If you have a food allergy, your body’s immune system overreacts to certain food components known as food allergens. These allergens, which are usually proteins, are harmless to most people. But if your body’s immune system has been sensitized to the allergens, it may overreact and attack the proteins as if they were harmful bacteria.
The most common food allergens come from the following foods:
- Tree nuts
- Cow’s milk
Although nearly any food can trigger an allergic reaction, these eight foods cause the majority of reactions. Food allergy is a serious and potentially life-threatening medical condition affecting 32 million Americans. One in every 13 children has a food allergy—that’s about 2 in every U.S. classroom. And every 3 minutes, a food allergy reaction sends someone to the emergency room.
What Causes a Food Allergy?
The job of the body’s immune system is to identify and destroy germs (such as bacteria or viruses) that make you sick. A food allergy happens when your immune system overreacts to a harmless food protein—an allergen.
Family history appears to play a role in whether someone develops a food allergy. If you have other kinds of allergic reactions, like eczema or hay fever, you have a greater risk of food allergy. This is also true of asthma.
Food allergies are not the same as food intolerances, and food allergy symptoms overlap with symptoms of other medical conditions. It is therefore important to have your food allergy confirmed by an appropriate evaluation with an allergist.
Food allergy may occur in response to any food, and some people are allergic to more than one food. Food allergies may start in childhood or as an adult.
All food allergies have one thing in common: They are potentially life-threatening. Always take food allergies—and the people who live with them—seriously.
Food allergy reactions can vary unpredictably from mild to severe. Mild food allergy reactions may involve only a few hives or minor abdominal pain, though some food allergy reactions progress to severe anaphylaxis with low blood pressure and loss of consciousness. Currently, there is no cure for food allergies.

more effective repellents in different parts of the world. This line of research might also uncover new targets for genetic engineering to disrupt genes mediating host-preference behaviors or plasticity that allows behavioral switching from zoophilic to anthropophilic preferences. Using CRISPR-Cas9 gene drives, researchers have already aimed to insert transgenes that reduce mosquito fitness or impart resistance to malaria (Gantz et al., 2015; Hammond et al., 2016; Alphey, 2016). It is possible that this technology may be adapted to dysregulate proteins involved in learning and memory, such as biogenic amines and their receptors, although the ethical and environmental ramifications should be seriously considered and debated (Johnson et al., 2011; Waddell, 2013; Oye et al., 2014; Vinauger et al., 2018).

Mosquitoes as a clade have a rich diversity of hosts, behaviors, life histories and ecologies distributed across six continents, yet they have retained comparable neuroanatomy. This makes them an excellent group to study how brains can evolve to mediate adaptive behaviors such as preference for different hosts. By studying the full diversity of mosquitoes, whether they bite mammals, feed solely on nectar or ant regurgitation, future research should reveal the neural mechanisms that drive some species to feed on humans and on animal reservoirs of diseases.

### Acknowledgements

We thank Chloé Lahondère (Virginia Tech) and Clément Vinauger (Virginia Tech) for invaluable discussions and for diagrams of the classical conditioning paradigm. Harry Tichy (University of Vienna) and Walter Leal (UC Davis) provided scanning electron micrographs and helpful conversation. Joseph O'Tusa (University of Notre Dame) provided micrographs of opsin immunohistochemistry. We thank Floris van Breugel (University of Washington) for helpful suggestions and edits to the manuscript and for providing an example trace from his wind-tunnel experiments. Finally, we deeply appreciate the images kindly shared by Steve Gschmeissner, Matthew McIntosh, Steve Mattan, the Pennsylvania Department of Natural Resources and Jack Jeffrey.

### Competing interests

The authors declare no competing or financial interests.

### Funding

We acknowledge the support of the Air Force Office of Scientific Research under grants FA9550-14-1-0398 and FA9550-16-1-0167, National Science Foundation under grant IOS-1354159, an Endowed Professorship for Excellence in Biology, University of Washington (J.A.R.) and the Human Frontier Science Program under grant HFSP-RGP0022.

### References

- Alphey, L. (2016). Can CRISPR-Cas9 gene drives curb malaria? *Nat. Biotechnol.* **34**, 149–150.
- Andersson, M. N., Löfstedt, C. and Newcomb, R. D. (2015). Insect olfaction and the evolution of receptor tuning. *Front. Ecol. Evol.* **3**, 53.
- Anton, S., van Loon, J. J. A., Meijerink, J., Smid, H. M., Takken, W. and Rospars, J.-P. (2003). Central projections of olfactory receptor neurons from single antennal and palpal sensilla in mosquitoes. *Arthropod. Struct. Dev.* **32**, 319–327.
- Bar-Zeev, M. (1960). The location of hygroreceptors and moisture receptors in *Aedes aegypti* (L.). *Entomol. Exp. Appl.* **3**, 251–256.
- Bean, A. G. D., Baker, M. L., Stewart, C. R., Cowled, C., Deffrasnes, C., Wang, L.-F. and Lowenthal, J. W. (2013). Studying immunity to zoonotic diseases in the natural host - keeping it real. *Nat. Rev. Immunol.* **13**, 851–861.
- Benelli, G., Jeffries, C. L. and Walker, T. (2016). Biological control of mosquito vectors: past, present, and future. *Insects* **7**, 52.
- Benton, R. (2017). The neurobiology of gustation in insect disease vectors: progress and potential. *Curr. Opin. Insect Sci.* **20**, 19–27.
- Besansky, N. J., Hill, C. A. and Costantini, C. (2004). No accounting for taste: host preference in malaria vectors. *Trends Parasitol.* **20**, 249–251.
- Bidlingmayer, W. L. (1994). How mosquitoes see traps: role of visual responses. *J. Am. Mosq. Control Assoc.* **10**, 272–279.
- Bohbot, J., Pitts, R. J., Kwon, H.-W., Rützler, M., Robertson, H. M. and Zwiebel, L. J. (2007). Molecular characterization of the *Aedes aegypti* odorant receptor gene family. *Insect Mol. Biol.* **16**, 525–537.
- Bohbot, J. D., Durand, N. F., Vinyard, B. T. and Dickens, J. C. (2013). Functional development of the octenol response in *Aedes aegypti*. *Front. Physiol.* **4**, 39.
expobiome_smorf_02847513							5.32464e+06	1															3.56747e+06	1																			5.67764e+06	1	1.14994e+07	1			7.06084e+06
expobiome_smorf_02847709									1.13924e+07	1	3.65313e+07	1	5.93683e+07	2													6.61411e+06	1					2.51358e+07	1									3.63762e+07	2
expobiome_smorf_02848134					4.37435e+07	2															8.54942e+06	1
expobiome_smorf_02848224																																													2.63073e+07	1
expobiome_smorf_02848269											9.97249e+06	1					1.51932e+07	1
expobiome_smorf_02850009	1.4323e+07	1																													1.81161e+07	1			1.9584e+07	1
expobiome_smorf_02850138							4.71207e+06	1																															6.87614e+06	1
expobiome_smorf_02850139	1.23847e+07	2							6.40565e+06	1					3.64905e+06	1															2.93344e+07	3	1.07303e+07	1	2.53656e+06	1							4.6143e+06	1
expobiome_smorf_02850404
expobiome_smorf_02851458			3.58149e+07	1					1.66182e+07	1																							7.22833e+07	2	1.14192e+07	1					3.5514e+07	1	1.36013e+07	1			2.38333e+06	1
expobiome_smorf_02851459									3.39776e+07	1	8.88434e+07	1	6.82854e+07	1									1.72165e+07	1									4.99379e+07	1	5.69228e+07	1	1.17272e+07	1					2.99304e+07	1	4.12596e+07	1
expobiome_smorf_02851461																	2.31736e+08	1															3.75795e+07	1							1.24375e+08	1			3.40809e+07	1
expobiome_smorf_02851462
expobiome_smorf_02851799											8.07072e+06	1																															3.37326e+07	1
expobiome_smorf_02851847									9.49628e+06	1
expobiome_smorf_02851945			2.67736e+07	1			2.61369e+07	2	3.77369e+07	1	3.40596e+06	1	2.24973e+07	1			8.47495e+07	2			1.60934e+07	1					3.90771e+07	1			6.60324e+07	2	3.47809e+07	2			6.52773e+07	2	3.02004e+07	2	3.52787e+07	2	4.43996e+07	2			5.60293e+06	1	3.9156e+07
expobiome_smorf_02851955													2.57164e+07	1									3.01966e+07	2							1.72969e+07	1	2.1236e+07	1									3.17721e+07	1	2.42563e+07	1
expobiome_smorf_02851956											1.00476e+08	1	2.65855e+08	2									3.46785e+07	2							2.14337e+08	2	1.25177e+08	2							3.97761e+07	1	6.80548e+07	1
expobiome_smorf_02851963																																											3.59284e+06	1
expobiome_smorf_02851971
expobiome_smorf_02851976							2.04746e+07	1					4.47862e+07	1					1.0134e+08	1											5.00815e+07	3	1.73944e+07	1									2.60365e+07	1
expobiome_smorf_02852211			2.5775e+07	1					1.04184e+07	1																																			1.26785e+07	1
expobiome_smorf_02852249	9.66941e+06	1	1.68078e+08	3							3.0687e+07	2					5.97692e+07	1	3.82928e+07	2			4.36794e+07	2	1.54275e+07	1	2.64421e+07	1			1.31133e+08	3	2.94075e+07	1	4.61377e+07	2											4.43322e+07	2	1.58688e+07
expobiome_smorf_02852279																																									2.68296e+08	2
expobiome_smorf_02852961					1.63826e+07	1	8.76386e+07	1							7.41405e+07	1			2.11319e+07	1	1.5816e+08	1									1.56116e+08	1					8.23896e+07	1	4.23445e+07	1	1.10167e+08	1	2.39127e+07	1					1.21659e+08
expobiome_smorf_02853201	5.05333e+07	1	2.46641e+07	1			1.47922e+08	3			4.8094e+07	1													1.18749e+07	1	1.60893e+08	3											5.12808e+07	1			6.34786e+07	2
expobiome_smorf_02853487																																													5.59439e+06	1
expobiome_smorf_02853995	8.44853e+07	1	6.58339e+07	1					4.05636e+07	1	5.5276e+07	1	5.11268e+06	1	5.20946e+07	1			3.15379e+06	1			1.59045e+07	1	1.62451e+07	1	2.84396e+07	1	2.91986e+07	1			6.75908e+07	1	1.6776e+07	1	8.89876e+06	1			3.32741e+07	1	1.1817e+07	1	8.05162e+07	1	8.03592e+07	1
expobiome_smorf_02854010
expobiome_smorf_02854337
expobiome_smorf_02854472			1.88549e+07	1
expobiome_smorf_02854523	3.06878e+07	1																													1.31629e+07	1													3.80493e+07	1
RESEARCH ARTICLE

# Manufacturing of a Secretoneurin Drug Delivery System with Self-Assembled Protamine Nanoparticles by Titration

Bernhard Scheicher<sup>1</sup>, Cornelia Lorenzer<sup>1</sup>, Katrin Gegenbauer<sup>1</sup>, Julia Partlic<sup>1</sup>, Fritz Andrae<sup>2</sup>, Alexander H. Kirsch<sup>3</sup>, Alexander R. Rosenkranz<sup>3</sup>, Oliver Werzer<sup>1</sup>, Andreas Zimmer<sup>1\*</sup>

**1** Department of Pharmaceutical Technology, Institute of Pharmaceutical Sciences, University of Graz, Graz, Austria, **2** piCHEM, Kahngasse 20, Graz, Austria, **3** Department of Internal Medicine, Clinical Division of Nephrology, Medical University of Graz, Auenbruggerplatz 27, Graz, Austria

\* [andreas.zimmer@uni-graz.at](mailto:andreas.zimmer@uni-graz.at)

Researchers are investigating exciting new ways to stop food allergy reactions or limit reaction symptoms. Most of the therapies now being studied are allergen-specific, treating individual food allergies with products made from the individual problem food(s).
What You Need to Know
The Food Allergen Labeling and Consumer Protection Act of 2004 (FALCPA) requires that food products containing the eight major allergens have plain-language labels (“contains milk”) to help consumers avoid these allergens.
However, this labeling requirement does not include restaurant foods, so you will need to ask your server the necessary questions before ordering.
Take control to change your life forever
While allergy testing can be illuminating, the “gold standard” in figuring out if foods are causing your problems (which can lead to everything from autoimmune arthritis, to an irritable bowel, to acne), is by cutting out the culprit foods for about a month and see how you feel when you reintroduce them.
This can be done by doing an elimination diet at least once. The basic elimination diet is as simple as this: No gluten, dairy, eggs, soy, fast food, or alcohol for 23 days. Why 23 Days? Antibodies, which are the proteins that your immune system makes when it reacts to foods, take around 21 to 23 days to turn over. So, if you don’t quit those foods you’re sensitive to for at least that time frame, you won’t experience the true effects of elimination. On day 24, you can choose to eat one thing you eliminated—like gluten, or dairy, or eggs—but not more than one. See how you feel over the next 48 hours. If you have no reaction after two days, eat that same food again for a second time, and notice how you feel. From there, it’s up to you whether or not to re-incorporate that food into your diet on a regular basis. Once you’ve made a call on the first food you reintroduce, pick another one and follow the same steps.
Throughout the diet and the reintroduction process, notice how you feel. Maybe you’ll see changes you weren’t expecting. Maybe your sleep quality or your energy level is better. Maybe the redness in your skin is gone, or your belly is flatter.
No blood test can tell you what life without a particular food will be like—the key here is experimenting. When you find out for yourself, you could be saving yourself a lifetime of inflammation, annoying symptoms, and in some cases, chronic diseases.